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Orders of Grief

The Wheelers are among the most active of the Newtown ­families. In January, David Wheeler gave passionate testimony before the Connecticut State Legislature. In April, the Wheelers stood by the president in Hartford as he pressured Congress to pass gun-control legislation. Just before the vote, Obama handed his weekly video address to David and Francine, who wept as she remembered her son, who wanted to be an architect and also a paleontologist. In May, the Wheelers did a long interview with Bill Moyers, both of them breaking down when David mentioned December 13, the day before the day their lives became unrecognizable to them.

The Wheelers’ very public displays of grief are incomprehensible to some, though Francine says their outspokenness is a way to make connections with others and continue being good parents to both of their sons—to Ben, who died, and to Nate, who is 10. If they can change the politics of gun violence by telling their story, she believes, they can save lives. But David, formerly an actor, now a graphic designer, always looks devastated, with basset-hound bags beneath his eyes. Francine’s face is more motile, sparkling one minute, crumpled the next.

It’s not so hard to be public in public, the Wheelers tell me. They’re both performers; it’s only natural, says David, that trauma would force them back into comfortable roles. It’s much, much harder to have to be public all the time, Francine explains—in Newtown, the families of the 26 carry the celebrity of all tragic figures. Everyone in town knows their names and the names and faces of their dead; they are perpetually exposed, even in their everyday routines. There are three groceries in town, but Francine likes Caraluzzi’s best, and she has a hard time there, even now, because she visited so frequently with Benny. She would let him loose in the aisles, to the annoyance of the other shoppers. It is horrible, she says, to have to break down in a place where everyone knows exactly who you are, and what, exactly, happened to your kid. “My greatest need of strangers is to treat me like a stranger.”

Stories circulate among the 26 of those who, in stabs at empathy, have said entirely the wrong thing: “Move on,” or “This too shall pass,” or “Will you hug me for me?” The rest of the town, even those very close to the grieving, find themselves on eggshells, constantly worried they’ll misspeak, or misstep. Nelba Márquez-Greene can feel how much other people in town want her to be better. “We are the face of every parent’s nightmare,” she says. But nothing makes her feel better. “I feel terrible, and I’m giving myself permission to say I feel terrible.” She is a tiny, neat person, with a dispassionate way of talking, and is working for Sandy Hook Promise now, busily giving keynote speeches and a TED talk, but the idea that her work life might console her, or ease her pain, is laughable. It’s as if, she tells me evenly, you needed a liver transplant and someone came up and gave you a heart.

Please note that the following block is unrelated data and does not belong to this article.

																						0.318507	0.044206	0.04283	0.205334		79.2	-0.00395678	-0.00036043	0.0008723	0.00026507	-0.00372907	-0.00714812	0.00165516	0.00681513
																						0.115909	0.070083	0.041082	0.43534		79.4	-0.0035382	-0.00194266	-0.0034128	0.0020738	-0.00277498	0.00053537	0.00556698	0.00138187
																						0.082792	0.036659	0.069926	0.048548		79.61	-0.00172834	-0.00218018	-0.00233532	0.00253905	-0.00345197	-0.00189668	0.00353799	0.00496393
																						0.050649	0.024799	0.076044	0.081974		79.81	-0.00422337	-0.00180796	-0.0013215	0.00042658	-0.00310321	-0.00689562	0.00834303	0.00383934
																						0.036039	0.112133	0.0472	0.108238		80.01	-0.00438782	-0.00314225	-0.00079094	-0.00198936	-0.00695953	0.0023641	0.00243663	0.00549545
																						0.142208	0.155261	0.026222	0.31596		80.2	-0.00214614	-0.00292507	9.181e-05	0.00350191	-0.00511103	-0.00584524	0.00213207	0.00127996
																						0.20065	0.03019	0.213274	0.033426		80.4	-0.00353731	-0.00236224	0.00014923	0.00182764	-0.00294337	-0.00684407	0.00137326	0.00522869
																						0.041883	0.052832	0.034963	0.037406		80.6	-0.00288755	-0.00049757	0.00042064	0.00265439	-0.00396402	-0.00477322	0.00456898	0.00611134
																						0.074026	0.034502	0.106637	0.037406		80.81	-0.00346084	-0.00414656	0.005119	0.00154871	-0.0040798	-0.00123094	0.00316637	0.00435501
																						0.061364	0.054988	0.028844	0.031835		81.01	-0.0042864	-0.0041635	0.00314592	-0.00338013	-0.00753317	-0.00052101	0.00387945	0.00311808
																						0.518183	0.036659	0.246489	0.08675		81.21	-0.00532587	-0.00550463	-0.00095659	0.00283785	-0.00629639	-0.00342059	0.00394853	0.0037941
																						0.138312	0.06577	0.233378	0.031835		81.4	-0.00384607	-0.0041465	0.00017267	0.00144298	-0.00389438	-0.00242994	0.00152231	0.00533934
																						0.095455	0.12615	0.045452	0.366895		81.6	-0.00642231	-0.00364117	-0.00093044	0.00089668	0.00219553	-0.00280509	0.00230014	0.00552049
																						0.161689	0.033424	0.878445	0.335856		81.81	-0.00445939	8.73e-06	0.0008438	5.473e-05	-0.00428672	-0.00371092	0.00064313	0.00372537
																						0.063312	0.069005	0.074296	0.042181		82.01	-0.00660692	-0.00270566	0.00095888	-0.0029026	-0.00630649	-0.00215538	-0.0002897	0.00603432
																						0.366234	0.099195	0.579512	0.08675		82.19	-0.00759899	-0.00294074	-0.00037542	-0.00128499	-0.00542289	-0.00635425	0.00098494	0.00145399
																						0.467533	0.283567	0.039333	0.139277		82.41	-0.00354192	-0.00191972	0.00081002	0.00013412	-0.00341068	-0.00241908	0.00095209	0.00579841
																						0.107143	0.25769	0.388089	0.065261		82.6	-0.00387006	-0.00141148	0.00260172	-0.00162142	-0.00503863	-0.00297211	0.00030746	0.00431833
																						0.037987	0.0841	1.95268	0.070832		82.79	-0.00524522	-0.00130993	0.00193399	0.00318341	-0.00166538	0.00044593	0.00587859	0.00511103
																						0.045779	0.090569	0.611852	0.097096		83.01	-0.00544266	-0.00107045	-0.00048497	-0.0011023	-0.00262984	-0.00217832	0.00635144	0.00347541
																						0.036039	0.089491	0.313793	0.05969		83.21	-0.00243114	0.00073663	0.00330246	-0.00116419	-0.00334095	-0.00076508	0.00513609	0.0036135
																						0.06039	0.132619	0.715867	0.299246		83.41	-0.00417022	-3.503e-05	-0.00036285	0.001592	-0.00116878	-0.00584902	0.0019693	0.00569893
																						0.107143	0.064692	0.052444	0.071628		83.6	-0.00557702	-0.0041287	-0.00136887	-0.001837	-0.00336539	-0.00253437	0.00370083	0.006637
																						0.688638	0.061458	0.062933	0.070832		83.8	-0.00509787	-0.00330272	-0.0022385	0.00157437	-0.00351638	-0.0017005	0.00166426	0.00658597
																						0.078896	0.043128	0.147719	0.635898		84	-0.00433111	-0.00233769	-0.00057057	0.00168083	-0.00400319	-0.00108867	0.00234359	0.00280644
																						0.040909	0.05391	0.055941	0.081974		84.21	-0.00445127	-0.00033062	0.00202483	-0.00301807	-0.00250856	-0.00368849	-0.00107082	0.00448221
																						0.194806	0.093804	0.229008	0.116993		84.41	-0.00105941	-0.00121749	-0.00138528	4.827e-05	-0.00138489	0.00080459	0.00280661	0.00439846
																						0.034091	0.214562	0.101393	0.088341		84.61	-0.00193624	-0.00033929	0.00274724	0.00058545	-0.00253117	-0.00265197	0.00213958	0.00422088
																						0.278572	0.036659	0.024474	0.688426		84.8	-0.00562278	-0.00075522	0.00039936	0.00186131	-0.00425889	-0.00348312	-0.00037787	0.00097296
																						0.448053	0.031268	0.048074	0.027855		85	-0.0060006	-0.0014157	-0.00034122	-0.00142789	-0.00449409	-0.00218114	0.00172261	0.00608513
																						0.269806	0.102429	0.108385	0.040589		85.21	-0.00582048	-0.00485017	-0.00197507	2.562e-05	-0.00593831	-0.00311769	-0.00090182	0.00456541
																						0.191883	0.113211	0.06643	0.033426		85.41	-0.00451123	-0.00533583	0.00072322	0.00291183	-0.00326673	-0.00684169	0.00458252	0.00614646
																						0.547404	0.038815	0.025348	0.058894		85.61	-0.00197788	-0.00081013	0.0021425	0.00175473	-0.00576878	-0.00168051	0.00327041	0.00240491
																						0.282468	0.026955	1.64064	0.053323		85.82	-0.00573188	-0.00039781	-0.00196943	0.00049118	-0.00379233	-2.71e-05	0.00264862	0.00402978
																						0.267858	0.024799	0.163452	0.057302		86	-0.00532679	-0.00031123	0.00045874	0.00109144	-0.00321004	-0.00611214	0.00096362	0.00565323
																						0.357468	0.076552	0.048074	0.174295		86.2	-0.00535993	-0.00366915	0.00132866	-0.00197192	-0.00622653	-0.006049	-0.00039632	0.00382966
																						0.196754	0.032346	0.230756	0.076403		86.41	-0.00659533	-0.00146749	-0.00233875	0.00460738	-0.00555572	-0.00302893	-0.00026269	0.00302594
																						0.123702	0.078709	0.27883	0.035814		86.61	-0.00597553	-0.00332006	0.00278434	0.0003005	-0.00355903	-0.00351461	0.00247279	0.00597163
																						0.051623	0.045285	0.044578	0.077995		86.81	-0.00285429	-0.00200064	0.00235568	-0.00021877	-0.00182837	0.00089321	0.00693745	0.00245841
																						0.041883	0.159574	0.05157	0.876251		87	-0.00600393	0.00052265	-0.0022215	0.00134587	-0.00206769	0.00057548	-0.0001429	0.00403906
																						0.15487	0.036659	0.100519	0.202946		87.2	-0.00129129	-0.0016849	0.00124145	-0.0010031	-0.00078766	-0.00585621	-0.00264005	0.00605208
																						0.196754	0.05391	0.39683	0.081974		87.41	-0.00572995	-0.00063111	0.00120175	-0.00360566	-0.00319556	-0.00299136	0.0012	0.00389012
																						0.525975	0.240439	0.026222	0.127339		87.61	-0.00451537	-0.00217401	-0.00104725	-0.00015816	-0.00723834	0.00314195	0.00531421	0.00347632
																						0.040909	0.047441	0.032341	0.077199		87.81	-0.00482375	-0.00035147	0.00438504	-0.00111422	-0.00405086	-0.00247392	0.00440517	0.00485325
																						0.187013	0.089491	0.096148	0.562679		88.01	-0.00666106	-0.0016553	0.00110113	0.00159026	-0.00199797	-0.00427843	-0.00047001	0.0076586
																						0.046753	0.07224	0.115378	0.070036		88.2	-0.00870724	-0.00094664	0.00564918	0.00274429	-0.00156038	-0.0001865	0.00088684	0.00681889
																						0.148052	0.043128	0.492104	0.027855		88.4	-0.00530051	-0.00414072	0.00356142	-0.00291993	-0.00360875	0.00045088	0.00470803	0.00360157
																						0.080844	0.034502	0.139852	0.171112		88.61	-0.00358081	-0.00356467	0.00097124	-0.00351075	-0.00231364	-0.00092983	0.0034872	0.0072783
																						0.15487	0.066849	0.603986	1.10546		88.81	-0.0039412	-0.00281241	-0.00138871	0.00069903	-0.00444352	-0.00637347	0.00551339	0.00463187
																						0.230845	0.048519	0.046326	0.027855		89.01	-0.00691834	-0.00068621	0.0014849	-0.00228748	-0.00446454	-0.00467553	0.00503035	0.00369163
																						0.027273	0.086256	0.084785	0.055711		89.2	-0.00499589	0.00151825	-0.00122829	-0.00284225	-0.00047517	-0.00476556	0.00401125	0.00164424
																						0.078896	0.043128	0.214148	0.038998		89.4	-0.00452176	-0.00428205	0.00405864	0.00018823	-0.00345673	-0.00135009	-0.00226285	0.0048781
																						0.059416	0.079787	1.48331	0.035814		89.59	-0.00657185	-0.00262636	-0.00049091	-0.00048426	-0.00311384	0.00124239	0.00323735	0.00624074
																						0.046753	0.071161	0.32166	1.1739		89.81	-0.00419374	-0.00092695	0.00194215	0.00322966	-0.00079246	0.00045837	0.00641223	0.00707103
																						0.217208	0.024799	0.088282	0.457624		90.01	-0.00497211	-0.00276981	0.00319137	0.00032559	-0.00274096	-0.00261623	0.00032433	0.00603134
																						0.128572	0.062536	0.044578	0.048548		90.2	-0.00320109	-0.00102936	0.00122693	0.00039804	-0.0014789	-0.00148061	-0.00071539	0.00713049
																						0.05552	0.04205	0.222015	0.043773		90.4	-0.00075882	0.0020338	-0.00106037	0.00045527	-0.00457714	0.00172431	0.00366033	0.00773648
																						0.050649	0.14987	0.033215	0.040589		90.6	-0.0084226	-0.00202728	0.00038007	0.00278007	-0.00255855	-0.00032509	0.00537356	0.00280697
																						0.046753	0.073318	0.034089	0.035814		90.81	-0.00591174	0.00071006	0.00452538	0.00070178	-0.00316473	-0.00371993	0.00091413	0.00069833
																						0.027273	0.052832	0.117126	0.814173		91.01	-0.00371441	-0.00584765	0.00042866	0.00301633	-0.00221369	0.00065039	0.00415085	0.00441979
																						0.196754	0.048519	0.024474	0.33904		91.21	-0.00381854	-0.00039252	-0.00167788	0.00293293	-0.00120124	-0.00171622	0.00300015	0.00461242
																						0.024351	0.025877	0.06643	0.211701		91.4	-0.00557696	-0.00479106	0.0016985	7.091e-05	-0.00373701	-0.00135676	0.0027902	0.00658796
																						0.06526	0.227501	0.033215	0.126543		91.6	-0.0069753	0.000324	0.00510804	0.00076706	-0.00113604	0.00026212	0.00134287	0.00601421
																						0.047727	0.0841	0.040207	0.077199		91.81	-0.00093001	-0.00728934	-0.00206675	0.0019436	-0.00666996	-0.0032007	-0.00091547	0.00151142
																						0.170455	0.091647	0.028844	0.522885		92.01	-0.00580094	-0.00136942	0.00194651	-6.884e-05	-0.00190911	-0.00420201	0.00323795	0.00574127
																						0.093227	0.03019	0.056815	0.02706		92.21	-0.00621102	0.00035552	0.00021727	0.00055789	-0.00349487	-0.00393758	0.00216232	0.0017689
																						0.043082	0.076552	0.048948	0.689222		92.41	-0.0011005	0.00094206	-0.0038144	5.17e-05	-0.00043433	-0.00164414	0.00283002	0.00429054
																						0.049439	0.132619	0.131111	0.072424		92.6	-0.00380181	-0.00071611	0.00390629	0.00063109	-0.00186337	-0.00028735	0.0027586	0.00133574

Every day, Francine Wheeler makes a list of the things she’s grateful for, and she always includes her morning coffee. Around her neck, she wears a tiny picture of Ben in a tiny square frame and a silver pendant in the shape of a treble clef. When I admire it, she tells me that Ben’s ashes are enclosed in the necklace. “He had perfect pitch,” she says.

When I visit them at home, David shows me his amulets, too, more ashes in a pendant, a bracelet of green agate, another one, on a leather thong, strung by Ben’s counselor at camp. But by three o’clock, the Wheelers are distracted. Nate is due home from school, and they’re listening with all their nerve endings for the squeak of the bus. Nate was at Sandy Hook Elementary School on 12/14 as well. When he arrives, on time, he shows his parents the new Guinness book he got that day at school. He has his brother’s ashes in a pendant, too.

In October, a coalition of gun groups announced that it was declaring the first anniversary of the shooting “Guns Save Lives Day.” Pat Llodra, the first selectman, was flinty in her response. “We will not host a political rally of any stripe on that day and we hope that all such inclined persons understand that they and their agenda are not welcome. We ask for privacy and expect that all caring folks, including the media, will accommodate us.” And then, like the schoolteacher she used to be, she added the unveiled threat of her own judgment: “Those persons … who choose not to accede to our request … show the world their own personal and ethical fiber.”